Saturday, March 26, 2011
On Thursday, London’s Mayor Boris Johnson announced the shortlist of bidders to supply up to ten further trams to Transport for London (TfL) for use on the city’s Tramlink network in Croydon. The trams will be used to supply additional capacity on the network between Elmers End, central Croydon and Therapia Lane — one of the most congested parts of the route.
TfL, who purchased the Tramlink network from Tramtrack Croydon Ltd. in 2008, announced the plans late January, after submitting the tender to the Official Journal of the European Union (OJEU) on January 29. According to the notice, the additional trams will operate approximately 75,000km per year, will be needed for “at least 10, but not more than 20 years” and can be either new build or existing vehicles that can be modified — at a reasonable cost — to run on the Tramlink infrastructure.
The tram fleet is currently made up of 24 Bombardier CR4000 trams, which were constructed for the opening of the 28km network between 1998 and 2000. 22 of these trams are currently needed to operate the three tram routes each day, and the new service is expected to require at least an additional five trams daily, bringing about the need for a boost to the fleet levels.
The shortlist to supply the trams consists of City of Edinburgh/CAF, Stadler (Stadler Pankow GmBH) and Pesa (Pojazdy Szynowe PESA Bydgoszcz S.A.Holding, and the the three consortia will now be invited to submit proposals to supply the additional trams. The Invitation to Tender will run for four weeks.
It is not currently known whether the bids made by Stadler and Pesa will be for new-build or second-hand vehicles, however the bid from Edinburgh/CAF is to use a number of the currently-dormant trams that were constructed for that city’s own tram network. The system has had several set backs since construction began, with the network now set to open in stages with a number of tram lines (but not the trams to operate them) being cancelled, leading to a large surplus of vehicles that could be hired out in the short term. The trams are amongst some of the longest and heaviest in Europe, though, and will require a large amount of modification to enable them to be able to operate on Croydon’s network if the bid is successful.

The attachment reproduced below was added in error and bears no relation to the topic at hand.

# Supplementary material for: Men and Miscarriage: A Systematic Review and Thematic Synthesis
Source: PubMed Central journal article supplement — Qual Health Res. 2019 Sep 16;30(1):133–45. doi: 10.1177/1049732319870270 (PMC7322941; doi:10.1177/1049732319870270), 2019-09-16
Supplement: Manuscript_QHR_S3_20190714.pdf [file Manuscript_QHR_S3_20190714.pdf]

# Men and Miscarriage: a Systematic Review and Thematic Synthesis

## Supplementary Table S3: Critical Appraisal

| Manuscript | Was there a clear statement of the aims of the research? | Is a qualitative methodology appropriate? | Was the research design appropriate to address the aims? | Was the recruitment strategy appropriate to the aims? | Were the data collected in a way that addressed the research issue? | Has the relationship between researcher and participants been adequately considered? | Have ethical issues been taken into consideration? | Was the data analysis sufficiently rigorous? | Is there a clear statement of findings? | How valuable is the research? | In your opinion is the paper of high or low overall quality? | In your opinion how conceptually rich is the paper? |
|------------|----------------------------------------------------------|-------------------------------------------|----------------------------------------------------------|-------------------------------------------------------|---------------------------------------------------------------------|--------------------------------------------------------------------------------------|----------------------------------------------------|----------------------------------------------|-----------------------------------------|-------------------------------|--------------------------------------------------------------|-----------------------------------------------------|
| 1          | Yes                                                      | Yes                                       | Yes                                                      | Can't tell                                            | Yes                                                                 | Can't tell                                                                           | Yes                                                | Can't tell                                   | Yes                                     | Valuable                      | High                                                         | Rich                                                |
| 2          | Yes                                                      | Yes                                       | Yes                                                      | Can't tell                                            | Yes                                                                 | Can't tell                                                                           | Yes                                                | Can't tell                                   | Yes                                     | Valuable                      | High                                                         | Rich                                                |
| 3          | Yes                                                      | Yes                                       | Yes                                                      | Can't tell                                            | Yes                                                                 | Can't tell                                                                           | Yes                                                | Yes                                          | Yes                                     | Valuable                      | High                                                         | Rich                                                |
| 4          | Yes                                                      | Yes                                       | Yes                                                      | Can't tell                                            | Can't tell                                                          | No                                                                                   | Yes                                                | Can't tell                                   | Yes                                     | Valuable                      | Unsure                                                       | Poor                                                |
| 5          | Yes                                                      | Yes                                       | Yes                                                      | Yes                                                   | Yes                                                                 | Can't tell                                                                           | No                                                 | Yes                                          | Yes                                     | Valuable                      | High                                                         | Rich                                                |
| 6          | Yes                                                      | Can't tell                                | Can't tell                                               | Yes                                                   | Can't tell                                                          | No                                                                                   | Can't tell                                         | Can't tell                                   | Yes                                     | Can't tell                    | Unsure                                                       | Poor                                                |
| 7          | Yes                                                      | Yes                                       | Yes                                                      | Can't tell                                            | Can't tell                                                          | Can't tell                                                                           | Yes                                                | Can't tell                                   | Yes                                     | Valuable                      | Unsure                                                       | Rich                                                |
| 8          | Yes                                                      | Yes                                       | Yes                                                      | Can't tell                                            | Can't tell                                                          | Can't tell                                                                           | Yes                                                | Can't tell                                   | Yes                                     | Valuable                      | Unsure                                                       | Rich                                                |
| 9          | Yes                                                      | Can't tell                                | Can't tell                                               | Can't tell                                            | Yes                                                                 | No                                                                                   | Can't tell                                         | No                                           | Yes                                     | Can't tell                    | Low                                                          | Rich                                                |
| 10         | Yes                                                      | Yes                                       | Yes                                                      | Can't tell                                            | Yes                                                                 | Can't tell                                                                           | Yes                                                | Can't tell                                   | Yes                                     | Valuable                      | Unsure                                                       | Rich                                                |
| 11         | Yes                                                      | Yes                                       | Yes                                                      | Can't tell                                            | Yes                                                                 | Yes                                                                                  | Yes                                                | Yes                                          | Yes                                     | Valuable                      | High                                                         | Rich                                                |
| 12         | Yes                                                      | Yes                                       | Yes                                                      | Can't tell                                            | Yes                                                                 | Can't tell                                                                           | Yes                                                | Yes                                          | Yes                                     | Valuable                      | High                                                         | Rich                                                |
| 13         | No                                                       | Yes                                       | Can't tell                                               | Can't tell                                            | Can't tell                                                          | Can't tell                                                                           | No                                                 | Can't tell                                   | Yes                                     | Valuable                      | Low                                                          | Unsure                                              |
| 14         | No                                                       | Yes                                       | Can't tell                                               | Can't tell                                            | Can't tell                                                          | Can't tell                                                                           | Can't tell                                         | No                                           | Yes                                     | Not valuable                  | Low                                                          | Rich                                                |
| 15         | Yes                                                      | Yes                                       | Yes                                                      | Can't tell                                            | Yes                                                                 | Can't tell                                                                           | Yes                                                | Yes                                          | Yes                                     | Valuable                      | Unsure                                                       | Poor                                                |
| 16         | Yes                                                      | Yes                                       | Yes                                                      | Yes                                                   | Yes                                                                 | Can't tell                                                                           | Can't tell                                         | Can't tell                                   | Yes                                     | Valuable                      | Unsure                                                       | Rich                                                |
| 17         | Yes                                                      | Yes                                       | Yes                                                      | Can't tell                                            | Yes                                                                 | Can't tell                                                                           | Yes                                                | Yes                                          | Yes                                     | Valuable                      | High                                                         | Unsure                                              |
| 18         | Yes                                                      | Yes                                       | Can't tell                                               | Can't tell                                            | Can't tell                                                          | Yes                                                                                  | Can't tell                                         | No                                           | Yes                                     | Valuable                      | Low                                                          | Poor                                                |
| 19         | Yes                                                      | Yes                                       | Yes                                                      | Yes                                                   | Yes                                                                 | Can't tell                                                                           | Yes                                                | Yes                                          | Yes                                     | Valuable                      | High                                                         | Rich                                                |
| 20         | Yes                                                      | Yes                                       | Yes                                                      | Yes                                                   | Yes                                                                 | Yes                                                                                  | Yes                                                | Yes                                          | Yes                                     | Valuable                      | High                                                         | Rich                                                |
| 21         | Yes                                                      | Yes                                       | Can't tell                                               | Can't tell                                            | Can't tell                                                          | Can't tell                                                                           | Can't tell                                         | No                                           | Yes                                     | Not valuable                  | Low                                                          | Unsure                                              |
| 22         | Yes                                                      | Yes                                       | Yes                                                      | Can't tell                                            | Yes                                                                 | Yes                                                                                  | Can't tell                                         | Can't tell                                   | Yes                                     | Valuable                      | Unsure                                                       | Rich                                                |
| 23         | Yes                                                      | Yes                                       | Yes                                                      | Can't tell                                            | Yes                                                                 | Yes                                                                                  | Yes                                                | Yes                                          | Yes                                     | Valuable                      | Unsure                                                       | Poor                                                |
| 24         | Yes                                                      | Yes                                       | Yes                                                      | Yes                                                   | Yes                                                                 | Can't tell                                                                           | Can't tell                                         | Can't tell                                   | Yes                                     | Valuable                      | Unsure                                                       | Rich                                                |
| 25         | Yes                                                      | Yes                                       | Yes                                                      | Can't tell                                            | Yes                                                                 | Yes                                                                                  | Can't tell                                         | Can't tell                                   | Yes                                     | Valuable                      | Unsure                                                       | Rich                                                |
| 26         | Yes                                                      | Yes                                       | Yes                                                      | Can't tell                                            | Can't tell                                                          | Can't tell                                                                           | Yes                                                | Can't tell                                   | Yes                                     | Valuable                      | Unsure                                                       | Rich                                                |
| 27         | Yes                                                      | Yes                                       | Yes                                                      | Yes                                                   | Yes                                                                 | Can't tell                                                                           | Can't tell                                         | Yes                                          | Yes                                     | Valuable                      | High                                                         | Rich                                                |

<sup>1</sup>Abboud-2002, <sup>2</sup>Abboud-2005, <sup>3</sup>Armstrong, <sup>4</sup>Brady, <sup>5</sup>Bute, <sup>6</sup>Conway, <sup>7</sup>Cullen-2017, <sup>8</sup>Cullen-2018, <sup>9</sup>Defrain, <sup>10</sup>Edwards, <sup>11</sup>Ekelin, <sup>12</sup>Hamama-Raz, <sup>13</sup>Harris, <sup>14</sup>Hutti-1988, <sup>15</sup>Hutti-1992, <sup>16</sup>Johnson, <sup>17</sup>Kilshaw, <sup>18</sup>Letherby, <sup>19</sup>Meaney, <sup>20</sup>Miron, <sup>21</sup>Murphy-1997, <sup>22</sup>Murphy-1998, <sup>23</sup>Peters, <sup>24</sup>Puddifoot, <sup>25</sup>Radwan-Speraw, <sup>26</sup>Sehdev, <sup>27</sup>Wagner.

Shortly after the announcement, whilst inspecting one of the network’s current trams at East Croydon tram stop, Boris Johnson said: “I have no greater responsibility as Mayor than to ensure people can move around this city with ease, comfort and reliability.
“Trams in Croydon have proved a major success and this is reflected in journey numbers which have soared by 45 per cent since the network opened in 2000.
“I look forward to the extra vehicles developing this vital, much-appreciated, and indeed attractive, form of transport further.”
Funding for the new trams is expected to largely come from TfL, however the London Borough of Croydon has also confirmed a £3m contribution to the project. This will also include the refurbishment of tram stop surrounds.
Croydon Council Leader Mike Fisher said: “This is looking like a great deal for Croydon and shows the benefits of an ambitious local authority and committed Mayor working together, pooling resources and expertise.
“There is real support to get additional trams for Croydon to keep pace with growing demand for Tramlink services and also to secure major improvements for pedestrians and transport users around and between East and West Croydon stations.”
TfL anticipates that, providing a successful bid is made, the new trams would be delivered to the network’s depot at Therapia Lane in late 2011, with an entry into service from early 2012.